When my family travels, we really try to get a hotel with a kitchen or kitchenette. This way, we can buy our own groceries and make our meals.  In the absence of a kitchen(ette), most hotels have mini-fridges available for free or for a small fee ($5 to $10 per day). This is great for keeping milk, sandwich supplies and other items fresh. Even in the absence of of a fridge, I still recommend families visiting a grocery store to stock up on fruit, snacks and bevvies.

Theme Parks Admission

Theme parks are very strategic in their pricing. Attending 1 day at a theme park is quite expensive but gets cheaper the more days you attend. For example, at Disney World in Orlando, a single day ticket costs $100, but adding 1 day to a 4-day ticket costs just $10. If you are going to be visiting theme parks, I recommend visiting just a single resort (e.g., Walt Disney World or Universal Studios) instead splitting up your time across multiple parks.  Here's an example:
 - 4 days at Walt Disney World Resort: $294
 - 3 days at Walk Disney Resort ($274) + 1 days at Universal Studios ($136): $410

By the way, Walt Disney World in Florida has 4 theme parks.  We spent a week there and only saw about half the attractions.

Another great way to save on theme park admission is to buy tickets from resellers like Undercover Tourist. Undercover Tourist is a legitimate reseller (I've personally used them) and they provide shipping throughout the United States and Canada.

Most theme parks do not allow guests to bring outside food into the park. This is a great money maker for them: they have you trapped in the theme park and charge outrageous prices for meals, snacks, and drinks. An exception to this, however, is Disney parks in both California and Florida, where they do permit you to bring outside food into the park. My family spent a week at Walt Disney World and only paid for 3 meals and the odd snack here and there. The rest of the time we enjoyed our own food and snacks and saved several hundred dollar in the process.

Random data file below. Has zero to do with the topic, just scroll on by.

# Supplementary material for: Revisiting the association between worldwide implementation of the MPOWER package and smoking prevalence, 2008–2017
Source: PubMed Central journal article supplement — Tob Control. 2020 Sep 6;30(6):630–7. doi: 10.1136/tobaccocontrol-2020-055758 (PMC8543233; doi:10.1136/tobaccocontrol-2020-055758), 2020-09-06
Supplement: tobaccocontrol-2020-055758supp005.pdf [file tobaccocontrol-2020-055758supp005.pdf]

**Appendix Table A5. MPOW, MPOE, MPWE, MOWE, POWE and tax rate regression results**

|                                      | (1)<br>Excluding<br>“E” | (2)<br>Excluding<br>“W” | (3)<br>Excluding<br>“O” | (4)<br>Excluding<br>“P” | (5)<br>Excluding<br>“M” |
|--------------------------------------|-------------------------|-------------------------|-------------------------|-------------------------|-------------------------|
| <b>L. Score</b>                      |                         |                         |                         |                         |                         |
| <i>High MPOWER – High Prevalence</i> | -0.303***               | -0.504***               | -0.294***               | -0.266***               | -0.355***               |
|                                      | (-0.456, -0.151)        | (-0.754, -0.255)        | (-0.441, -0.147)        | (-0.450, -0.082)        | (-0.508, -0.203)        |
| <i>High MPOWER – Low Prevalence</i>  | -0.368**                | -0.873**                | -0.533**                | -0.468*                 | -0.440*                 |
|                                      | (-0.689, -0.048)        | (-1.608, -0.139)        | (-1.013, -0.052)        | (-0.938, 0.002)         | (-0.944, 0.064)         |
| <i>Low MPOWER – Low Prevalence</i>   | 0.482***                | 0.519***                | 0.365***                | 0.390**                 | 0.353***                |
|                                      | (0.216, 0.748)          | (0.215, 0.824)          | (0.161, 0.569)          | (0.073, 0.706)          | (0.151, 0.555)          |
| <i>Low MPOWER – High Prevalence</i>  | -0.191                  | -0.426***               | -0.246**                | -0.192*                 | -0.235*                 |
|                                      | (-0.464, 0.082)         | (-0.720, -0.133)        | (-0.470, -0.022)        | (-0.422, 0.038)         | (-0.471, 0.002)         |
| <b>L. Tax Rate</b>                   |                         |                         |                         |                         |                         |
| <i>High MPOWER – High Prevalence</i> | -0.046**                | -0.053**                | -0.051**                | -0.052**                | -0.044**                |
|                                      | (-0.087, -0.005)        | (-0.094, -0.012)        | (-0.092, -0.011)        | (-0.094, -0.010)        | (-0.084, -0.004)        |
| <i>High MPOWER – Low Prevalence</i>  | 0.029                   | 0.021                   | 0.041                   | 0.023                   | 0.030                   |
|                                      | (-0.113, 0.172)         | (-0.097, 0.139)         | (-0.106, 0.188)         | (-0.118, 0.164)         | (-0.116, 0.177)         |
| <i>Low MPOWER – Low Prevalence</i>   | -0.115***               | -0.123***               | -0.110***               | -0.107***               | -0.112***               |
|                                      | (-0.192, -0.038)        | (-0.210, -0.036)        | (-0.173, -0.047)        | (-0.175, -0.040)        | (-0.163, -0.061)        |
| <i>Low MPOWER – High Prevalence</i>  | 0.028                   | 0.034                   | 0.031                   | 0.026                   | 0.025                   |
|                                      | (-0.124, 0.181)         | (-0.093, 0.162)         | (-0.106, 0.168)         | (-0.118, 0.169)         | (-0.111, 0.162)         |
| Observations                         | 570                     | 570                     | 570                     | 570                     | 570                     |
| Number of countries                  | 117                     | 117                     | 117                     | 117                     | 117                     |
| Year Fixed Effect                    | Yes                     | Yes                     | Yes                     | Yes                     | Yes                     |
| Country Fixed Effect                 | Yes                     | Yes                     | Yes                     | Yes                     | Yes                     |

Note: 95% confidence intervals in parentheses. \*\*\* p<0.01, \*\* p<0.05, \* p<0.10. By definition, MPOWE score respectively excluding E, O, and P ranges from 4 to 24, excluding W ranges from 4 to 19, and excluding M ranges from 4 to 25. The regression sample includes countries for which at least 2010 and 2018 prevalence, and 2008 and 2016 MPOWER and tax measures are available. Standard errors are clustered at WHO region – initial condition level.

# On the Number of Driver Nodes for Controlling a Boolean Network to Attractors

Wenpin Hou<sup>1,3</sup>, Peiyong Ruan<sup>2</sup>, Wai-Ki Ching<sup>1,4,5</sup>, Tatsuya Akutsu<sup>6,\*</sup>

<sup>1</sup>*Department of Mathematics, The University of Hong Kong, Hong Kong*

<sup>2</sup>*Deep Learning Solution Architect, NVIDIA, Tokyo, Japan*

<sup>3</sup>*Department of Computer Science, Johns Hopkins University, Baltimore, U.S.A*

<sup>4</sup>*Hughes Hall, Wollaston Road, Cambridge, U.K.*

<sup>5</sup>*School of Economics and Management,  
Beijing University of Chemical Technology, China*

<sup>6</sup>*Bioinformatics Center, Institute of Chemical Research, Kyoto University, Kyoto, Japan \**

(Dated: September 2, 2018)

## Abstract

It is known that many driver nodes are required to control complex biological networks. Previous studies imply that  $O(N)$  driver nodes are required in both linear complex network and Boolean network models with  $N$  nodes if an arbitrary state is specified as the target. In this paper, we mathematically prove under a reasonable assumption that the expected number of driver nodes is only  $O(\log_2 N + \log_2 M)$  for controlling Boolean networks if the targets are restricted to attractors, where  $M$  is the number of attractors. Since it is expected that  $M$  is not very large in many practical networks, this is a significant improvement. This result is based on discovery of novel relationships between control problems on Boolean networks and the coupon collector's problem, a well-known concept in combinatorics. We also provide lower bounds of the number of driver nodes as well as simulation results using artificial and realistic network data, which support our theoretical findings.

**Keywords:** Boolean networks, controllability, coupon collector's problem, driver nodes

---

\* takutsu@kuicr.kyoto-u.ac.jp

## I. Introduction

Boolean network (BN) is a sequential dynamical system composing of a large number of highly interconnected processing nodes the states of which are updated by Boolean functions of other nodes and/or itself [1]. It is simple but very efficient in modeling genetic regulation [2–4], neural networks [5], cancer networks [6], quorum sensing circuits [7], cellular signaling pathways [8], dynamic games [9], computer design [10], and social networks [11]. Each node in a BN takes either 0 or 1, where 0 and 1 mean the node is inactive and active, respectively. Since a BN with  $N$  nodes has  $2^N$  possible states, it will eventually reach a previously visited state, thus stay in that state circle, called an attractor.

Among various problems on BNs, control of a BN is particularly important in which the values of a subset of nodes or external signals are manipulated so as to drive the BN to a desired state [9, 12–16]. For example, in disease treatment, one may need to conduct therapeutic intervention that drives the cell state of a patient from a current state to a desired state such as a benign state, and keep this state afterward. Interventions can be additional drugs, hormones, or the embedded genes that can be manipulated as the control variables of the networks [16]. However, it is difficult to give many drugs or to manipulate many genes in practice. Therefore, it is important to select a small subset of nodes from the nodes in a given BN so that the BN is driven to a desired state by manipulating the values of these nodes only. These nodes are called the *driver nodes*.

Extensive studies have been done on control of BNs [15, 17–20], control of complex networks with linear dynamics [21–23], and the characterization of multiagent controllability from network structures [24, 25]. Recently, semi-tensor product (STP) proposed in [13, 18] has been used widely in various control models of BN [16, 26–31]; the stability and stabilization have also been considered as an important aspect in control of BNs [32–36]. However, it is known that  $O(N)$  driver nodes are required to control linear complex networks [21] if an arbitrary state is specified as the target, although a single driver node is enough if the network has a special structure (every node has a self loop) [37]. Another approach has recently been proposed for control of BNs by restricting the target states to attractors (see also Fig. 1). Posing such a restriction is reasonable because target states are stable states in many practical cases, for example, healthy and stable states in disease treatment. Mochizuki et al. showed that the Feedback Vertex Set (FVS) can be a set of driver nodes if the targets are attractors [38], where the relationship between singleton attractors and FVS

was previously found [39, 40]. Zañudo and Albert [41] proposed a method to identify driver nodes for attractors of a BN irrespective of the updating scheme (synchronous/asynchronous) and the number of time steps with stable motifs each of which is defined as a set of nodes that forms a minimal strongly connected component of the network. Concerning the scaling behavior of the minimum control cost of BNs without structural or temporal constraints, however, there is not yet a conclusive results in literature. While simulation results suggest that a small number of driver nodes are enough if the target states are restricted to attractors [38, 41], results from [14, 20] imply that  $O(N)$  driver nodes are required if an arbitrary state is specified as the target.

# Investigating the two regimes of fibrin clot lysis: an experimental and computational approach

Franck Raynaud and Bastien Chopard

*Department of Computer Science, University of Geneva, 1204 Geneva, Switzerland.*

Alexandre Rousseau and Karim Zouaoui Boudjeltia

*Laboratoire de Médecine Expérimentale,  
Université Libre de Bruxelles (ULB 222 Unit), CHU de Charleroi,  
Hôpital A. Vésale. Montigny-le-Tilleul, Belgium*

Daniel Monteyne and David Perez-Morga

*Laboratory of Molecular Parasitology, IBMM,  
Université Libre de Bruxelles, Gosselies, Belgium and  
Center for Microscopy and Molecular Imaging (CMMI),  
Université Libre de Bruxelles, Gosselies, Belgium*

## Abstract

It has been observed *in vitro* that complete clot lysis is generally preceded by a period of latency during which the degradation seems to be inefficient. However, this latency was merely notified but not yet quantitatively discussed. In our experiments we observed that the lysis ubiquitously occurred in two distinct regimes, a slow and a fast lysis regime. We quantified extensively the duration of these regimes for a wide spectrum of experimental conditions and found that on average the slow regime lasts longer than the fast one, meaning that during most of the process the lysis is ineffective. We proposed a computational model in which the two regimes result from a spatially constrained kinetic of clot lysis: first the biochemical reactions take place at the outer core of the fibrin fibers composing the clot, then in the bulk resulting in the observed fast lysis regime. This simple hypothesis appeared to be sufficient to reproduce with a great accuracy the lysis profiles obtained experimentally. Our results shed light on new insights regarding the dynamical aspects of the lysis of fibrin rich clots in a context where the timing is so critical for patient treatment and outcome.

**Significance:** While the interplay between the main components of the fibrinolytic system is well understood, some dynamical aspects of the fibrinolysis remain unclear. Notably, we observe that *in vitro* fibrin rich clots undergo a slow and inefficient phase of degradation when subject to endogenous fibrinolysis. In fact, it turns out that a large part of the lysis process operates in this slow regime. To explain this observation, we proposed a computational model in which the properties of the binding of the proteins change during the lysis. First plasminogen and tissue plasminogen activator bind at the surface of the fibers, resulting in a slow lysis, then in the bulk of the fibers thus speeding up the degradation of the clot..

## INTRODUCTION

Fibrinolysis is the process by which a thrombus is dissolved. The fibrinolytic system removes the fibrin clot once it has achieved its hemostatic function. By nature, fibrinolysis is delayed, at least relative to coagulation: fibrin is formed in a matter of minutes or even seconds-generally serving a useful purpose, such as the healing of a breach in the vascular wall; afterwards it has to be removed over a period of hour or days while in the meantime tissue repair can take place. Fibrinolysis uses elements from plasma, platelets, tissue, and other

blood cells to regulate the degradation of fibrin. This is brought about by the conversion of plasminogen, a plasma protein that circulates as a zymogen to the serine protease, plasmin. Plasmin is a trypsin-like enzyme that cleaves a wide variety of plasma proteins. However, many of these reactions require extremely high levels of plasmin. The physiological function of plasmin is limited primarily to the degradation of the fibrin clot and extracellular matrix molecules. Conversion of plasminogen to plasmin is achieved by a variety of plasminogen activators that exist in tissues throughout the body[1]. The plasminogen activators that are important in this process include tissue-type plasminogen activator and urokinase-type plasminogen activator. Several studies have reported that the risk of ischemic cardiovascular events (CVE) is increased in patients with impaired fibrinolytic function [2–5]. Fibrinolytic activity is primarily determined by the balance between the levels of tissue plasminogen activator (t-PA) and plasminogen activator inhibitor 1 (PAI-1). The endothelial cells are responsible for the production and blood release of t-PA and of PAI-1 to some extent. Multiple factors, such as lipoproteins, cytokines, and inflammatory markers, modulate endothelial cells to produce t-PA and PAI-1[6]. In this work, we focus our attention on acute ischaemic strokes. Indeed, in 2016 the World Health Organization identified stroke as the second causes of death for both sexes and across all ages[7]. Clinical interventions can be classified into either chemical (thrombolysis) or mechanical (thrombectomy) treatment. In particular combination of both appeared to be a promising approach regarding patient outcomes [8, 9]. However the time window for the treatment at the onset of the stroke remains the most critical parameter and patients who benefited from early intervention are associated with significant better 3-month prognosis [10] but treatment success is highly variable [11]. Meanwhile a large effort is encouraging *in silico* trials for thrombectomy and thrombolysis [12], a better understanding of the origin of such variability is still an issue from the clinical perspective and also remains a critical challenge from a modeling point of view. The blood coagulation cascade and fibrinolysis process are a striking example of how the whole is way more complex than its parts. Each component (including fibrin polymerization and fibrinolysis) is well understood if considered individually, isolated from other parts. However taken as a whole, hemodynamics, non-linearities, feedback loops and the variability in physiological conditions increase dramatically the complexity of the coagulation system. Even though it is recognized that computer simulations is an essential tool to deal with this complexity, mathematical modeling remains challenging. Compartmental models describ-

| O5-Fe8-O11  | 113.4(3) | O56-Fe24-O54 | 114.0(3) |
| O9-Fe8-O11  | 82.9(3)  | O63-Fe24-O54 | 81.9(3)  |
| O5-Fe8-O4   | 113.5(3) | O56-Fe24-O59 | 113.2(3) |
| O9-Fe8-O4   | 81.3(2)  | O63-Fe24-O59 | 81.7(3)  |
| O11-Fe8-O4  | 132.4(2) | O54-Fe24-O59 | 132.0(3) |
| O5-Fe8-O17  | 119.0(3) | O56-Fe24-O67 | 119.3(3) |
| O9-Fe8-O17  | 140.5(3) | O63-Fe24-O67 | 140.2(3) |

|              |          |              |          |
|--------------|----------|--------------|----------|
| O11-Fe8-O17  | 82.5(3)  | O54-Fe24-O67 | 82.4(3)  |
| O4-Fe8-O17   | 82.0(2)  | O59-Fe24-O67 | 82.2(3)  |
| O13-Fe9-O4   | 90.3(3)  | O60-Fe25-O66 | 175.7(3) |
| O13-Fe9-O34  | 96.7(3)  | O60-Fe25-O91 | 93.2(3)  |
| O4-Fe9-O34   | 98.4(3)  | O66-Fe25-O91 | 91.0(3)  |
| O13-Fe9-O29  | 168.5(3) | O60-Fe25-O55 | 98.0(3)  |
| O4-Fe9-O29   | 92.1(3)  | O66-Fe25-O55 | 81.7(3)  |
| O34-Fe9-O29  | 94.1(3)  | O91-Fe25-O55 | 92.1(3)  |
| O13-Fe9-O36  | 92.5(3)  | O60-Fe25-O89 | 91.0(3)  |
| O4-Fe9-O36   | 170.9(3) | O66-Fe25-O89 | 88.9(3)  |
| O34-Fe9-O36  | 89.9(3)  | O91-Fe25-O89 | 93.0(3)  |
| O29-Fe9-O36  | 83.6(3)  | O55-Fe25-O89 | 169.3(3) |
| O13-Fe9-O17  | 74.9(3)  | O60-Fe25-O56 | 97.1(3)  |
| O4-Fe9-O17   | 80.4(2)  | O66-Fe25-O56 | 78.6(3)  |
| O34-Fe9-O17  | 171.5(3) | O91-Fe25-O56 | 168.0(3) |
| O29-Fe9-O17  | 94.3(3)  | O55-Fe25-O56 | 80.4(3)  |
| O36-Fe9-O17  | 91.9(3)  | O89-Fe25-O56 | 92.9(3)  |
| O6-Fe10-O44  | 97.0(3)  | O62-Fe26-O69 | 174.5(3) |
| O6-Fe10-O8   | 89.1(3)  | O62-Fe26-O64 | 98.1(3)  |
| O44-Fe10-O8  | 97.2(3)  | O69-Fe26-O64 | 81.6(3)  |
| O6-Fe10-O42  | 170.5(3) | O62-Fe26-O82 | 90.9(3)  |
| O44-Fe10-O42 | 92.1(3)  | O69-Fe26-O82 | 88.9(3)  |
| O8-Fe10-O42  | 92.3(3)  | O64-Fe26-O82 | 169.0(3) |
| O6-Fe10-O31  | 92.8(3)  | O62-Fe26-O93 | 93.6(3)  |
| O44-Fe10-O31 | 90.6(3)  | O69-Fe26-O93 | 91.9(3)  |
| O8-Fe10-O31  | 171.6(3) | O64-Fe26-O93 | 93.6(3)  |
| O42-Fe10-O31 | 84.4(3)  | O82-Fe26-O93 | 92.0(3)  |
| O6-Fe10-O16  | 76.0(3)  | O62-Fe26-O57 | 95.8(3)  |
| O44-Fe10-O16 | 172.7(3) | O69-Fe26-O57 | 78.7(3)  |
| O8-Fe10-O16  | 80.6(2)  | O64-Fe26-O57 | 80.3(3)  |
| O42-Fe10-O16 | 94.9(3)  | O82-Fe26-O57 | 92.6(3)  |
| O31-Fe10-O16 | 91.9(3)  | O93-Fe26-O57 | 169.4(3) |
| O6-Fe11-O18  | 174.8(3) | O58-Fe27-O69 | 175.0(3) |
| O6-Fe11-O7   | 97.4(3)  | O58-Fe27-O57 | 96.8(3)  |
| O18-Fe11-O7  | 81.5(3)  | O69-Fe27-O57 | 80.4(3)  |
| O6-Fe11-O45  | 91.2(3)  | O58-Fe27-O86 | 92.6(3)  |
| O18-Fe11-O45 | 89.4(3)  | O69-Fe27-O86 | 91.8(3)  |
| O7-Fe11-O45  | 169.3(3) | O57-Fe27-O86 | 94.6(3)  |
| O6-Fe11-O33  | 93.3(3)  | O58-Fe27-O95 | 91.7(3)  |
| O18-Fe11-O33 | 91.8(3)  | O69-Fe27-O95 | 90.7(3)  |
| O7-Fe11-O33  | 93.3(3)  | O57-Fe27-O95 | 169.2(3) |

We give our kids allowance of $5/week each. In the weeks before a vacation, we highly encourage our kids to save their own money to buy their souvenirs. They usually bring between $20 to $40 each, and with a little guidance, are generally free to spend it how they like. On a recent trip to Orlando, we were pleased to discover the enormous Disney souvenir section at Walmart! Prices were a fraction of the theme park cost for many of the same items.

Rental Cars

We almost always rent a car when we travel. We enjoy the convenience and avoid expensive taxi fares. The secret to cheap car rentals: say no to all the extras. Car seats, GPS, insurance, etc. can easily be 2 or 3 times the basic cost of a car rental.  Simply say no to all of these at the rental desk, even if they are a bit pushy. Bring your own car seat and GPS (cell phone). Another great tip: your personal car insurance is probably transferrable to your rental car. After years of renting a car and paying $10 to $20 per day for insurance, I found out that for just a $24 annual upgrade, my personal vehicle insurance was transferrable to rental cars. If your personal vehicle insurance does not already cover rental cars, you can probably upgrade for a small fee.

Comment below if you have more money-saving tricks to share. Happy traveling!

Randy Greencorn
By Randy Greencorn